“This is going to make it extraordinarily difficult for whoever’s going to become president,” Senate Budget Committee Chairman Kent Conrad (Democrat-North Dakota) told the Washington Post. “I don’t care who the president is—when they come and meet with their secretary of the Treasury, the Federal Reserve chairman, their top economists, it will be a sobering moment.”
If he wins the November elections, whatever minimal spending proposals Barack Obama has made during the campaign—including his so-called universal health care plan, tax credits for middle and low-income families and miniscule increases in infrastructure spending—will quickly be shelved in the name of “fiscal responsibility.”
Moreover, the political groundwork for major cutbacks in vital social services is already being laid. In their reports on the budget deficit, both the New York Times and the Washington Post complained of “fiscal pressures” due to the growing Medicare and Social Security costs—a thinly veiled suggestion that the next president will have no choice but to gut these programs, upon which tens of millions of seniors depend for income and health care.
Nowhere is there a suggestion that military spending—which at nearly $700 billion consumes well over half of the US government’s discretionary spending and is more than the rest of the world’s military spending combined—should be cut, let alone eliminated.
For his part, Obama has pledged to expand the military by nearly 100,000 soldiers and marines and increase spending. Given the costs of the ongoing wars in Iraq and Afghanistan, as well as new weapons systems, “ It’s hard to see how we could spend less on the military in the near term,” Richard Danzig, a former Navy secretary who advises Obama on national security, told Reuters in an interview last week.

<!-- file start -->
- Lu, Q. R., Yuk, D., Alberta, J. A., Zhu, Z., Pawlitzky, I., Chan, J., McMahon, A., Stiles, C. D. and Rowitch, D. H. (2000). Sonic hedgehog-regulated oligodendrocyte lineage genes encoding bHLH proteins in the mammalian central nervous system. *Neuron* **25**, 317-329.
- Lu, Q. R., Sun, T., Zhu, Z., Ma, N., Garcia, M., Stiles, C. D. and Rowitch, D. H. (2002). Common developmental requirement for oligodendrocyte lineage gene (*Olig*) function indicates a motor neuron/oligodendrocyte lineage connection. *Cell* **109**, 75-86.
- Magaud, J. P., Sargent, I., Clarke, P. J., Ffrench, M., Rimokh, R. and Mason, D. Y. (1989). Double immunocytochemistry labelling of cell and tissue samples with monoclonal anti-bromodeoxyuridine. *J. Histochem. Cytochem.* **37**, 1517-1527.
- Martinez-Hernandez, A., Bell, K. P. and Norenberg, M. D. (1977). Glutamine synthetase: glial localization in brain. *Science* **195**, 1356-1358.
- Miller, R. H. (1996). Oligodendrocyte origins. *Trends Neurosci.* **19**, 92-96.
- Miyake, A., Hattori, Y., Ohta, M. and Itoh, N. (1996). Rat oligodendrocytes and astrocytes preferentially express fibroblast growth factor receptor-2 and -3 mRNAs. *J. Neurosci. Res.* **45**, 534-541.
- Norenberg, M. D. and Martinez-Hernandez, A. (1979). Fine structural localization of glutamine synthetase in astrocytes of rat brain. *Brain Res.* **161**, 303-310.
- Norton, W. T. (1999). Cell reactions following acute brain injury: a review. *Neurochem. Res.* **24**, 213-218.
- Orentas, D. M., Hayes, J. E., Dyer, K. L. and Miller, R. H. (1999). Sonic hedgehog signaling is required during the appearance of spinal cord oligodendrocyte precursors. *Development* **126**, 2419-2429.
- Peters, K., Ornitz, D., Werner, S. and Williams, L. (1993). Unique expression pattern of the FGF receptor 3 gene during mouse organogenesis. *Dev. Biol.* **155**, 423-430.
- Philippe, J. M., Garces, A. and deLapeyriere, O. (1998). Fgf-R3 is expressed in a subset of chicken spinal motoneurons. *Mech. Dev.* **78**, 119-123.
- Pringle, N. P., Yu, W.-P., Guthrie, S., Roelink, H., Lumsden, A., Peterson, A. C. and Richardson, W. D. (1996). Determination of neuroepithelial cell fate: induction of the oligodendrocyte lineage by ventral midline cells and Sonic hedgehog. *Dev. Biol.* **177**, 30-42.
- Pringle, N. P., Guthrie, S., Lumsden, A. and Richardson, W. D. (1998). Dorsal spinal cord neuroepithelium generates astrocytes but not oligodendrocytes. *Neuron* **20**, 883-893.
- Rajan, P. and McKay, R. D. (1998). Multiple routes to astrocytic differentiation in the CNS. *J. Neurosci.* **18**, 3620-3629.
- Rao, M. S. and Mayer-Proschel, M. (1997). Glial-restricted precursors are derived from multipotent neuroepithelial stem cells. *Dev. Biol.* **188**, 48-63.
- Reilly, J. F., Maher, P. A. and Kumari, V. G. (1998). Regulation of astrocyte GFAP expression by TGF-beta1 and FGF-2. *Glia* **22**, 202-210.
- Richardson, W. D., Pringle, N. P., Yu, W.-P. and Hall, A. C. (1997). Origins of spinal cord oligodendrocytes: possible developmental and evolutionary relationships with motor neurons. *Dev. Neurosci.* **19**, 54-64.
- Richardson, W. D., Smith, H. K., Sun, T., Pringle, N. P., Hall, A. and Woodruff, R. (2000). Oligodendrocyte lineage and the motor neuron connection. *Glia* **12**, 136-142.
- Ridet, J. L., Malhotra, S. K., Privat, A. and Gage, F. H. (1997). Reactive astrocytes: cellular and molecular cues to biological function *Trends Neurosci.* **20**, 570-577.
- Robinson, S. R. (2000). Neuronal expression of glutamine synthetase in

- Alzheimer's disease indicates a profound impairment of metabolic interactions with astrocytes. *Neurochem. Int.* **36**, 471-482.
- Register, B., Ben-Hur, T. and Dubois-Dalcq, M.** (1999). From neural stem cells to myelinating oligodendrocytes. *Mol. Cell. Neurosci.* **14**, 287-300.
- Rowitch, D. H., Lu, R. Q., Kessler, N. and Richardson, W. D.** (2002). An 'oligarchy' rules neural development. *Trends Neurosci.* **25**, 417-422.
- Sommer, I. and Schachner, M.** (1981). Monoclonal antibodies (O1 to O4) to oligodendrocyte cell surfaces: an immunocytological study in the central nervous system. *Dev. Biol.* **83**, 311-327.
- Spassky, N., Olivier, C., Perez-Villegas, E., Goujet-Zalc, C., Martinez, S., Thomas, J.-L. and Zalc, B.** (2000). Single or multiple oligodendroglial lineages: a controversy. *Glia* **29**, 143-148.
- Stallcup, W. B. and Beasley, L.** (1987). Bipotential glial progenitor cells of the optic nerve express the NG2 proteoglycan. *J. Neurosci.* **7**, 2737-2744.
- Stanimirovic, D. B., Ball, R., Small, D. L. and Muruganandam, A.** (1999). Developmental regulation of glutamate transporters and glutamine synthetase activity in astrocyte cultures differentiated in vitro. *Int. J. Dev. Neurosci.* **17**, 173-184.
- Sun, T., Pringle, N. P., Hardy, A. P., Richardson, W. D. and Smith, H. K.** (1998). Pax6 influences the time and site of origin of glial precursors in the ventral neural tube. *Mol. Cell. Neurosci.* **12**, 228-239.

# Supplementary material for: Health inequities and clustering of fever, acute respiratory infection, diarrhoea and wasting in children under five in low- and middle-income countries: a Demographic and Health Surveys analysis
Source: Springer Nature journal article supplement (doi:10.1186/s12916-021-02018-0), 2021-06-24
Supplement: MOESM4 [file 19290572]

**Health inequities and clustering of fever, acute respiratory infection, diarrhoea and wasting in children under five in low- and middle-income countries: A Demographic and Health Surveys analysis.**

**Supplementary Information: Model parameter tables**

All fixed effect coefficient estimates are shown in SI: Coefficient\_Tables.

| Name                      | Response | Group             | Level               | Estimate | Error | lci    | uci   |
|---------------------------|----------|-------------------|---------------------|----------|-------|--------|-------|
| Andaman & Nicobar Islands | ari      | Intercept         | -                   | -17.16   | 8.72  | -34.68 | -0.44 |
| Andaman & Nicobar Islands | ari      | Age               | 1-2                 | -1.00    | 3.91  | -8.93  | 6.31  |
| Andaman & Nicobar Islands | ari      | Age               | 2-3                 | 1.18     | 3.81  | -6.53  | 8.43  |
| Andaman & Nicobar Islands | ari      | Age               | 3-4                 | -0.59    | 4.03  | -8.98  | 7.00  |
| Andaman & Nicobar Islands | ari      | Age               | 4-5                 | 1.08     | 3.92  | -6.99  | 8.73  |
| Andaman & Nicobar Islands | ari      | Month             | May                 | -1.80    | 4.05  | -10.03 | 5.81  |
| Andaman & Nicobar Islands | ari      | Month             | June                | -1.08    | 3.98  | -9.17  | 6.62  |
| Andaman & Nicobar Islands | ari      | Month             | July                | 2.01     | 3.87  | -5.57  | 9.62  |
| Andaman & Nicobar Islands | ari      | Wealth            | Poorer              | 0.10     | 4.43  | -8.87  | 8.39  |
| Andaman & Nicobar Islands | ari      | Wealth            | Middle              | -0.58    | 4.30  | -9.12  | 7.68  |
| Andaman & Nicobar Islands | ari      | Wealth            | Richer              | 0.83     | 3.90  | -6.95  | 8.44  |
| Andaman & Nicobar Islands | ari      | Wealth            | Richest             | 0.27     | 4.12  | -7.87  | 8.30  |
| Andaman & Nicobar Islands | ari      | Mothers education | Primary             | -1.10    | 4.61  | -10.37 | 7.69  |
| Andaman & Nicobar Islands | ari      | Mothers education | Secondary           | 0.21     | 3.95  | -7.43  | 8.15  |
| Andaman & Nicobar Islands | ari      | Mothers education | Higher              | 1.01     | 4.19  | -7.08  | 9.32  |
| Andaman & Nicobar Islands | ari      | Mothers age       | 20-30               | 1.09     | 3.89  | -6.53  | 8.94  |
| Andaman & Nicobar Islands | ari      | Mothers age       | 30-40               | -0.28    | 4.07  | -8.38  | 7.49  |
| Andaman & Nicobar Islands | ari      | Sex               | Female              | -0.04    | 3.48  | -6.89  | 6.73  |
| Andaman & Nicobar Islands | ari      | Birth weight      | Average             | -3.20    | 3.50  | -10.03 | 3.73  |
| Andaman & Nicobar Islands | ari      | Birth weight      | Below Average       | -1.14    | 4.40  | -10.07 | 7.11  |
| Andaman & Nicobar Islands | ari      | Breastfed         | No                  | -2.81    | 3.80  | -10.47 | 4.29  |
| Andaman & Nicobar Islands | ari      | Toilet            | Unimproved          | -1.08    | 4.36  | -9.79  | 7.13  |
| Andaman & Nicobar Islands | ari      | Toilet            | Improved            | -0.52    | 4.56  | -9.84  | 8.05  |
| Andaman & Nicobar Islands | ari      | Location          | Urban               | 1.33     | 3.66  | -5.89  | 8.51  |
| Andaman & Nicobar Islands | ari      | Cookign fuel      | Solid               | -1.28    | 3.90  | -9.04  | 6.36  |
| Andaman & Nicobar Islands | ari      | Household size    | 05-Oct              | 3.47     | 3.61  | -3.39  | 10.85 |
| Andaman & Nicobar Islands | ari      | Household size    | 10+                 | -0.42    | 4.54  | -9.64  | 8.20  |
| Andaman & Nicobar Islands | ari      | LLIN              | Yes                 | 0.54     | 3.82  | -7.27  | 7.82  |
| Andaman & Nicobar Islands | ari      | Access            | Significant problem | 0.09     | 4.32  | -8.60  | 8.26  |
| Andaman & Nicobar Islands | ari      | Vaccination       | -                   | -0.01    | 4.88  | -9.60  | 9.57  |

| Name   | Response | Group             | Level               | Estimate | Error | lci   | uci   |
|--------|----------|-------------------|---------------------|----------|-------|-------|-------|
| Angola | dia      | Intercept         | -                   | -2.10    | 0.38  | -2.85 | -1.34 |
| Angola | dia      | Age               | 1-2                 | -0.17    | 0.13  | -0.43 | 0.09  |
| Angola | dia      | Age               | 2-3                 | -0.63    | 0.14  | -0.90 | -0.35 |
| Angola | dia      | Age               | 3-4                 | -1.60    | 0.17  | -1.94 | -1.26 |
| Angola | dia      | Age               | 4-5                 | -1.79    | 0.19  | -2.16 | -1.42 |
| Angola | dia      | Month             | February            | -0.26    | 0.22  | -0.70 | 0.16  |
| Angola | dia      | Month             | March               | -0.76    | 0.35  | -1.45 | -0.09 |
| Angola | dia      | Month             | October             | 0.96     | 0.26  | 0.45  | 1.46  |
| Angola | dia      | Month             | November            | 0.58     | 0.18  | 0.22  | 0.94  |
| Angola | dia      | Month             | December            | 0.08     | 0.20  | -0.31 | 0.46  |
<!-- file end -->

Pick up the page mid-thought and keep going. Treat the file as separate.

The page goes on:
While McCain calls for the extension of Bush’s tax cuts for the rich, Obama would only raise the top tax rates to the levels that existed under the Clinton administration—to 36 percent and 39.6 percent, from the current 33 percent and 35 percent. He has repeatedly rejected any return to higher tax rates on the wealthy as “confiscatory” and has told the Wall Street Journal he would also consider cutting corporate taxes.
On Monday, Obama held a Washington meeting with leading figures from corporate America and both Democratic and Republican parties. These included billionaire financier Warren Buffett, the CEOs of JPMorgan Chase, PepsiCo and Google, as well as Bush’s former Treasury Secretary Paul O’Neill, now a special advisor to the private equity firm Blackstone Group.